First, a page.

Dr. Shannon shares if a child’s mental health reflects problems with parenting.
No, I don’t think it does. I think what it means most of all is that you need to recognize the child is asking for help in some way.
And it’s your job as a parent to recognize that cry for help, that request for attention, and somehow more consideration to what’s going on for them.
And so you can be the agent of change to make sure that that child’s needs, requests, their situation is being addressed.
So I feel, and it’s just totally based on this ecological model; it’s not appropriate for parents to take on blame in this situation because that ends up really I think undercutting parents and their emotional health.
And really what I encourage parents to do is say, this isn’t working, we need to do something different and let’s examine the child’s life and find out the indicators for what can be done to make changes and help the child recover their health.
About Dr. Scott Shannon, M.D.:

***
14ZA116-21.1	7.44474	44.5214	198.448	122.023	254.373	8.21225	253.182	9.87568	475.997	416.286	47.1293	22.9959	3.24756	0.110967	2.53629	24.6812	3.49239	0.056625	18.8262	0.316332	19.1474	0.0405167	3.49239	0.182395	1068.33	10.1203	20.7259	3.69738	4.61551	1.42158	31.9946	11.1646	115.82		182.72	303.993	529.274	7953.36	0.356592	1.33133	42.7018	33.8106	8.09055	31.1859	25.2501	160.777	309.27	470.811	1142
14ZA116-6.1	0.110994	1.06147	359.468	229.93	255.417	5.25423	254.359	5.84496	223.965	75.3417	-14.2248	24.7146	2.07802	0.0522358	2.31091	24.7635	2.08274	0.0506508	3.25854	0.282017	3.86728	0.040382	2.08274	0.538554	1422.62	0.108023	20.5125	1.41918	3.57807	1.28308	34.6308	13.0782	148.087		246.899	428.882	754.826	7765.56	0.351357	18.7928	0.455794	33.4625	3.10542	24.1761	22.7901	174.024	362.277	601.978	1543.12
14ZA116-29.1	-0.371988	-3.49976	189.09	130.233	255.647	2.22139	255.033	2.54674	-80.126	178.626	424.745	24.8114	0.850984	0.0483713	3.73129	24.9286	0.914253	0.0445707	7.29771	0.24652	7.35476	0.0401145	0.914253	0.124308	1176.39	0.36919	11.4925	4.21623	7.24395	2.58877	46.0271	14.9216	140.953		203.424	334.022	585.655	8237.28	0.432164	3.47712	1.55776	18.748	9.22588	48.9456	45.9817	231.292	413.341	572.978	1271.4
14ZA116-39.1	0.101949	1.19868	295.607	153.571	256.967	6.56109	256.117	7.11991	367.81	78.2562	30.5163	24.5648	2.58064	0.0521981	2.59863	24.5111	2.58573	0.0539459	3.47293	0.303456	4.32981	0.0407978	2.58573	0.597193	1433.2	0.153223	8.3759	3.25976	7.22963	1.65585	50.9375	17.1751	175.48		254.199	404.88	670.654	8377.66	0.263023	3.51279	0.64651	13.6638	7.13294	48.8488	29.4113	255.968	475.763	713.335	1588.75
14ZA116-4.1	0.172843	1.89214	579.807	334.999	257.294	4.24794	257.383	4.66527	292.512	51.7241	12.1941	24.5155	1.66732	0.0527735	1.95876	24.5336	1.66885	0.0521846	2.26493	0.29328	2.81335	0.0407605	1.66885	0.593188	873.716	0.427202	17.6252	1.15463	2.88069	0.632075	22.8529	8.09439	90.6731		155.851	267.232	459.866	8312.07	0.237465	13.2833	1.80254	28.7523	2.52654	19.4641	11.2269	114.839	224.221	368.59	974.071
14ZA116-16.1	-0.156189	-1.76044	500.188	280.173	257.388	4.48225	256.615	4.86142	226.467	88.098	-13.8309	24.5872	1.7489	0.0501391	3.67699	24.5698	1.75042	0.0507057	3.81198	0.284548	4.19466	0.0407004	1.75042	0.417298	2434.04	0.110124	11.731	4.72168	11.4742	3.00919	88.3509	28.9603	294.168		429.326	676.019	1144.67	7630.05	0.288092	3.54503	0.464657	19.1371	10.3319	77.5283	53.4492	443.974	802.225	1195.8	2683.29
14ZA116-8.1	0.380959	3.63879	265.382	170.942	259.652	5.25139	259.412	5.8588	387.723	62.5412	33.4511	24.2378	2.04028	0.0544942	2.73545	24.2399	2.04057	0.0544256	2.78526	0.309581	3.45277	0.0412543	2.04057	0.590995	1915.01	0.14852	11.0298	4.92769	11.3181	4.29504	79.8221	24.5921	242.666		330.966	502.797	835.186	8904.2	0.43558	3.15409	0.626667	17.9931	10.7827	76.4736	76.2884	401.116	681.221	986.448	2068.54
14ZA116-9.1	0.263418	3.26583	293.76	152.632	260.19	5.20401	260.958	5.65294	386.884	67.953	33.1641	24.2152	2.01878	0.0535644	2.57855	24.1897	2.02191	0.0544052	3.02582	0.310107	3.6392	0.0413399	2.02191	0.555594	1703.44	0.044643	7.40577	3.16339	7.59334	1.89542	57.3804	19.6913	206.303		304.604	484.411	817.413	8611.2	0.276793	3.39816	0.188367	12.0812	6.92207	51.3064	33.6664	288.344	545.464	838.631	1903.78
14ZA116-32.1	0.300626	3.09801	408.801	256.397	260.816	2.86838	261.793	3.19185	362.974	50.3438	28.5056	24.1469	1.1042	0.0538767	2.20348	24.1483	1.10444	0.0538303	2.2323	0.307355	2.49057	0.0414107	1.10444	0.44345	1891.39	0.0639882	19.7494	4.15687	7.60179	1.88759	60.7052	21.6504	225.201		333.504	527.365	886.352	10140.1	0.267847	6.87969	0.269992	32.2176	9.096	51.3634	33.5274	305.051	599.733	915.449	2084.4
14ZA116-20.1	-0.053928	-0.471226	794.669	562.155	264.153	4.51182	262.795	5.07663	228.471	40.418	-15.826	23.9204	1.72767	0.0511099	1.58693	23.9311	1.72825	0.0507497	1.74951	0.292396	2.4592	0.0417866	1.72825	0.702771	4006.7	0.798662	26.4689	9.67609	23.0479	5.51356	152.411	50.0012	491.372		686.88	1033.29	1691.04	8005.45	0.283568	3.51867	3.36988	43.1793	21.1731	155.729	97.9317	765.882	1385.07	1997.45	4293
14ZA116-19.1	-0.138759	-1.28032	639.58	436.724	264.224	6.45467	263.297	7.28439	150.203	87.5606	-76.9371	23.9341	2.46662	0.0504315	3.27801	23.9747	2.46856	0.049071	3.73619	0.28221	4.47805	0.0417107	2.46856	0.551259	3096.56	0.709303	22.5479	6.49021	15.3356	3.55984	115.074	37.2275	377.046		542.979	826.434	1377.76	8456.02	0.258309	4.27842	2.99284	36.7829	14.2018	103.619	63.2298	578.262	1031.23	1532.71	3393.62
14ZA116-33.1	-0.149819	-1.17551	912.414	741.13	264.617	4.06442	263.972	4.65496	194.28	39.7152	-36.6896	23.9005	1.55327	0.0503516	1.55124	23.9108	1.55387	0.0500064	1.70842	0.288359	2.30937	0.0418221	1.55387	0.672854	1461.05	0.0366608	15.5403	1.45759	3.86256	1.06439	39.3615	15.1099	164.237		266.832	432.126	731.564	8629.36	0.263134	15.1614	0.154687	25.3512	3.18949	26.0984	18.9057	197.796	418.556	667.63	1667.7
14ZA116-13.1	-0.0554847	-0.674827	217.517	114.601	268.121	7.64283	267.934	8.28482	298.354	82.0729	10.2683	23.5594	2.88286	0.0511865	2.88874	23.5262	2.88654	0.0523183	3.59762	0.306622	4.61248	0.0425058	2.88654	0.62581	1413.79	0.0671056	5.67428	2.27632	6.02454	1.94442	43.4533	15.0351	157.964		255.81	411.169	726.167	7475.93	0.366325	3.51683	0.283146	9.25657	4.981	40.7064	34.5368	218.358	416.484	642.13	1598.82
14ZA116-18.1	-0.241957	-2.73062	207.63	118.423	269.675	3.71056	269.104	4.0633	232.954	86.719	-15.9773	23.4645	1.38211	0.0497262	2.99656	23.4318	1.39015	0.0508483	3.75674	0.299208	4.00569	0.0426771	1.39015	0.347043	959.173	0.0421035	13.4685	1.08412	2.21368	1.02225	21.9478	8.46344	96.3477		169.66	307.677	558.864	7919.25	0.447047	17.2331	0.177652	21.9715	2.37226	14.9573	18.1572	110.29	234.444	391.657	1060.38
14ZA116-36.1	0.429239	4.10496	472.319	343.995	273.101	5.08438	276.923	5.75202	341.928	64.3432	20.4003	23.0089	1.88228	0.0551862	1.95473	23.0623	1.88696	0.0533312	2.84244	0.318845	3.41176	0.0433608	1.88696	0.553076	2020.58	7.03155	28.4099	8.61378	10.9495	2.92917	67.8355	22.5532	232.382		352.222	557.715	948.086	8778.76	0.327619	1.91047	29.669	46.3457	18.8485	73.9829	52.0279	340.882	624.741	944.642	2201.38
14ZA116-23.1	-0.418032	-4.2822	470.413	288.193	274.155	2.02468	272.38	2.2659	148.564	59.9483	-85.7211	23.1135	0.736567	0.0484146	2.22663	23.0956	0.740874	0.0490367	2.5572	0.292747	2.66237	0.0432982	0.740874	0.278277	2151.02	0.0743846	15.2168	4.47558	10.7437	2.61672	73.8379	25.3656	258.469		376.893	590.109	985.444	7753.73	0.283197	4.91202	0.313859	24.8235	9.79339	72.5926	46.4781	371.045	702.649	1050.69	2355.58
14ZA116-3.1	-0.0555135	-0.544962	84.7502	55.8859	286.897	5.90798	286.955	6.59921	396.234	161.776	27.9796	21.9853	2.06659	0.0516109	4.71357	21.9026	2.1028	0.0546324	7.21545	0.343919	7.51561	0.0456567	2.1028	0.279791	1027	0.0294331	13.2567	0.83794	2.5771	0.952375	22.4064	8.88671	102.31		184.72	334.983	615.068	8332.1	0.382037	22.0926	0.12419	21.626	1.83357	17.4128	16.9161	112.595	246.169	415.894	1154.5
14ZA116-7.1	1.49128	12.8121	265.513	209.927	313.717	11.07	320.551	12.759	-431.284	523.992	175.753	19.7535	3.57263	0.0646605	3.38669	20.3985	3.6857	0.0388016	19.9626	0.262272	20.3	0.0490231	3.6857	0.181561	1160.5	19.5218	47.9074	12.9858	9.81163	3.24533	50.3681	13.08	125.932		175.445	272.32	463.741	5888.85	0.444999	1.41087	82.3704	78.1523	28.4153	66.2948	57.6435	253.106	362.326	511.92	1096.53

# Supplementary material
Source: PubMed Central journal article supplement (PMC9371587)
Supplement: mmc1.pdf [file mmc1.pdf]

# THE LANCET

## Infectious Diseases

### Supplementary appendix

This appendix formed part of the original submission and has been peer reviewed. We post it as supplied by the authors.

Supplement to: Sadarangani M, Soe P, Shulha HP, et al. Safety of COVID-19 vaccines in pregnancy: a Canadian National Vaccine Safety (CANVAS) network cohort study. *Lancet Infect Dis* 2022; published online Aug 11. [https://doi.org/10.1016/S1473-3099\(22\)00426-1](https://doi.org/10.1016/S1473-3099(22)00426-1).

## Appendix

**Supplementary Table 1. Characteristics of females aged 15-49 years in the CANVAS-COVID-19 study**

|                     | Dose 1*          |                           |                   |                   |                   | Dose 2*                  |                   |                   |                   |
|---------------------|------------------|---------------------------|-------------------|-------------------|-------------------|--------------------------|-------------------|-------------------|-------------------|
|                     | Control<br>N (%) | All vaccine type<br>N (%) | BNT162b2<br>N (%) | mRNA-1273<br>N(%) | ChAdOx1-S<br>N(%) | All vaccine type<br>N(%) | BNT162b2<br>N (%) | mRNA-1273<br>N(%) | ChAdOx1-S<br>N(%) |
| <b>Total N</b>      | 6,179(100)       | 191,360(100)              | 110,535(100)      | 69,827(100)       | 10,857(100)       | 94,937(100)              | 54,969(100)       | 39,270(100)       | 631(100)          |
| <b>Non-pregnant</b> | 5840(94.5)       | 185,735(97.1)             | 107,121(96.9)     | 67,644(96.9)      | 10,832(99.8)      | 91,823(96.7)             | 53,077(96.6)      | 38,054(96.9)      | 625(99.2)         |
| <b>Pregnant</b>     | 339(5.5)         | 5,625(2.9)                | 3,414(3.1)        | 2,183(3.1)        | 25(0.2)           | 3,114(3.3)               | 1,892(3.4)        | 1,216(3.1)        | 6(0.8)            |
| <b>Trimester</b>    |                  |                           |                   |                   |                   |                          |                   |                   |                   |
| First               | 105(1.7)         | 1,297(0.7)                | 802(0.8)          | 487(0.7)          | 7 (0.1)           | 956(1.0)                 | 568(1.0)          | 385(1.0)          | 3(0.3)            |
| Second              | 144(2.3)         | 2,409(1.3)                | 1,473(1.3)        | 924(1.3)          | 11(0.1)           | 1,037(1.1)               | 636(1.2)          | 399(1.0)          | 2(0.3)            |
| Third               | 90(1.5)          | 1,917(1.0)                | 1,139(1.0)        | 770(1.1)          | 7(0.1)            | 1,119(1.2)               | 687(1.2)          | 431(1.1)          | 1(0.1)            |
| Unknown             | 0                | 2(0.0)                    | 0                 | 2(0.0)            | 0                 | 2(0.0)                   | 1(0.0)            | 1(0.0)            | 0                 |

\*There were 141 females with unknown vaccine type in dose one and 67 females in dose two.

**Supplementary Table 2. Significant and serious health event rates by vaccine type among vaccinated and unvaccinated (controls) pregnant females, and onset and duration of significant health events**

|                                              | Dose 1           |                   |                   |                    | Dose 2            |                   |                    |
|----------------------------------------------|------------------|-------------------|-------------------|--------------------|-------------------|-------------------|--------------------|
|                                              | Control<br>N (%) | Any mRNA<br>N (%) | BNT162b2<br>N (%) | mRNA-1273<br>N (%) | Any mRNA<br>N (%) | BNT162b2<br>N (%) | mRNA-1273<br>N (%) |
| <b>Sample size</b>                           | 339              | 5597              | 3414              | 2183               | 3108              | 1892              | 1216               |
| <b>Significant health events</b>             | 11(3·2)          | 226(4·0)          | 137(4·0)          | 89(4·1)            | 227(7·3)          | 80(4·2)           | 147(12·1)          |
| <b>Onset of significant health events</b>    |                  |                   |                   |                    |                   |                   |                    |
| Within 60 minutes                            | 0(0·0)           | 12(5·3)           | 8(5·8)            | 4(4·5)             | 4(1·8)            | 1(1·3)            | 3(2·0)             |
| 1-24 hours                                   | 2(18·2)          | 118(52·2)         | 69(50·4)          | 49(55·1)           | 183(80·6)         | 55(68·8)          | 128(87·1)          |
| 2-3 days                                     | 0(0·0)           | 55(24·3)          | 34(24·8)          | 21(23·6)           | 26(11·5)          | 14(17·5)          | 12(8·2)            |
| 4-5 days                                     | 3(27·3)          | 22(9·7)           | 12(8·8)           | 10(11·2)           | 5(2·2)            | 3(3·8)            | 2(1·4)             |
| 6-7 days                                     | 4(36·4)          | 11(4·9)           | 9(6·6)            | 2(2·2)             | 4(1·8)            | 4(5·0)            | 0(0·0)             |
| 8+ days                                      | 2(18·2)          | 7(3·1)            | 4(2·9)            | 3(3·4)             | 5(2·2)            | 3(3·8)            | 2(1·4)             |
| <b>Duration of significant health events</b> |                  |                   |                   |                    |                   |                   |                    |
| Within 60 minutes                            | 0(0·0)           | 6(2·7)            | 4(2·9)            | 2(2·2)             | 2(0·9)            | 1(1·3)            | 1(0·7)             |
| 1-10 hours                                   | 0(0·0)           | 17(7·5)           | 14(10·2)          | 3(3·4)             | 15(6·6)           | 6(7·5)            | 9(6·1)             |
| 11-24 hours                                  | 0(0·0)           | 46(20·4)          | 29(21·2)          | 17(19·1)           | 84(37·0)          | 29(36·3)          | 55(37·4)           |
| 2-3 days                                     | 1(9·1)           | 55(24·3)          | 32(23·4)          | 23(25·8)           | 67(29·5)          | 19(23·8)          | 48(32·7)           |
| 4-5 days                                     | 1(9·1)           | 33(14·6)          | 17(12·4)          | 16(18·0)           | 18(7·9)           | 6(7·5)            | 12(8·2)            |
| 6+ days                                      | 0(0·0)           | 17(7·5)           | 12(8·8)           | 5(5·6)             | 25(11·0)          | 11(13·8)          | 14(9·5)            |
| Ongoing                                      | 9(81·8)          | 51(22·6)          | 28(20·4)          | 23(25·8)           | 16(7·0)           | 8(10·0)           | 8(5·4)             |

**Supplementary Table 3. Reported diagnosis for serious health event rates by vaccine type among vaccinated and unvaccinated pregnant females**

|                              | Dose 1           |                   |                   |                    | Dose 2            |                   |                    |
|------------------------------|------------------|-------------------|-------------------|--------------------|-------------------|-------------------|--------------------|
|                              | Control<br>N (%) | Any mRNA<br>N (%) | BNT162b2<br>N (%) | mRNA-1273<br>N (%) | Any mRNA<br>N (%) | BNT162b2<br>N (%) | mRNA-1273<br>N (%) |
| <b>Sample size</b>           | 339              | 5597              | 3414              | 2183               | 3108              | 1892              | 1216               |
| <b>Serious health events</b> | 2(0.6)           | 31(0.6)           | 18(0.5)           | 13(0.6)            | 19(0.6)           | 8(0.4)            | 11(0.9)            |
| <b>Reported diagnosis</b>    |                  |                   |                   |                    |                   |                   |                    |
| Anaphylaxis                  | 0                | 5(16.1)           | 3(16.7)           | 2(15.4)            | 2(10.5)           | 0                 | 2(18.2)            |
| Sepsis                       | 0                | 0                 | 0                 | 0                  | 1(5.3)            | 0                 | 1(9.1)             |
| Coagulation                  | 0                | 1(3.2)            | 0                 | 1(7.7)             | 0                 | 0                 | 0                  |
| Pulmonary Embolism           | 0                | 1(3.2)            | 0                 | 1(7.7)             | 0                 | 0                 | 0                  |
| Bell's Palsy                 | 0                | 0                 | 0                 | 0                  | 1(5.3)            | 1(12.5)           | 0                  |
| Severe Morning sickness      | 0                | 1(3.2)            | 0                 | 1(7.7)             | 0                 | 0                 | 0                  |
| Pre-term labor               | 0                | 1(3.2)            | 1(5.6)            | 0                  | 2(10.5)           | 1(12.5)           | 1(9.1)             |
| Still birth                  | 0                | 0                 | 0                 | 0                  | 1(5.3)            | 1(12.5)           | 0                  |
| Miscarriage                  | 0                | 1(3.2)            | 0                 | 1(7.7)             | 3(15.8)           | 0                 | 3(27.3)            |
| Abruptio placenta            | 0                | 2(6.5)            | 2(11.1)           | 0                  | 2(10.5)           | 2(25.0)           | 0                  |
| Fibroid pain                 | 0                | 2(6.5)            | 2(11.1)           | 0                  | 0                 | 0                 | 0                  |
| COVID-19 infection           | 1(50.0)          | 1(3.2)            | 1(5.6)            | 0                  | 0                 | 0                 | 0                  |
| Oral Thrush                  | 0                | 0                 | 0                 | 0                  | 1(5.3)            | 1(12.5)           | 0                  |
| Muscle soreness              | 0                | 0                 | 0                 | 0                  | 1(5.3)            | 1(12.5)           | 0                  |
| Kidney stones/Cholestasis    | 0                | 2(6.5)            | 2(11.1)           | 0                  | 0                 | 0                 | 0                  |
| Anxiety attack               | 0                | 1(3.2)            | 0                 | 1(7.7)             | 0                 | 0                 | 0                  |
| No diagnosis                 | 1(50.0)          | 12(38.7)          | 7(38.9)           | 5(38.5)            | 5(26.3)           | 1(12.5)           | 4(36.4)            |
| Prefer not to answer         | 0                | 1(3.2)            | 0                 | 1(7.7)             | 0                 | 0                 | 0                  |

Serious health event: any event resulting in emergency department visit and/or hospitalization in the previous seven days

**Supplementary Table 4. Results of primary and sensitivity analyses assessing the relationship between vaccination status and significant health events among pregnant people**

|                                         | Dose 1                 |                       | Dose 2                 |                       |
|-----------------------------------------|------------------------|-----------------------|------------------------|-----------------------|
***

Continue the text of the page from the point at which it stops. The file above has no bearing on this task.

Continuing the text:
Dr. Scott Shannon, M.D., graduated from the University of Arizona College of Medicine. Following a psychiatric internship he worked for four years in rural Arizona as a general practitioner. Dr. Shannon then completed a psychiatric residency at a Columbia program in New York. After his child psychiatry fellowship at the University of New Mexico he moved to Colorado. His practice includes a wide variety of approaches including herbs, supplements, medications, nutrition, and acupuncture. Dr. Shannon served as the Principle Investigator on a recent research grant exploring the value of acupuncture in the nausea of chemotherapy.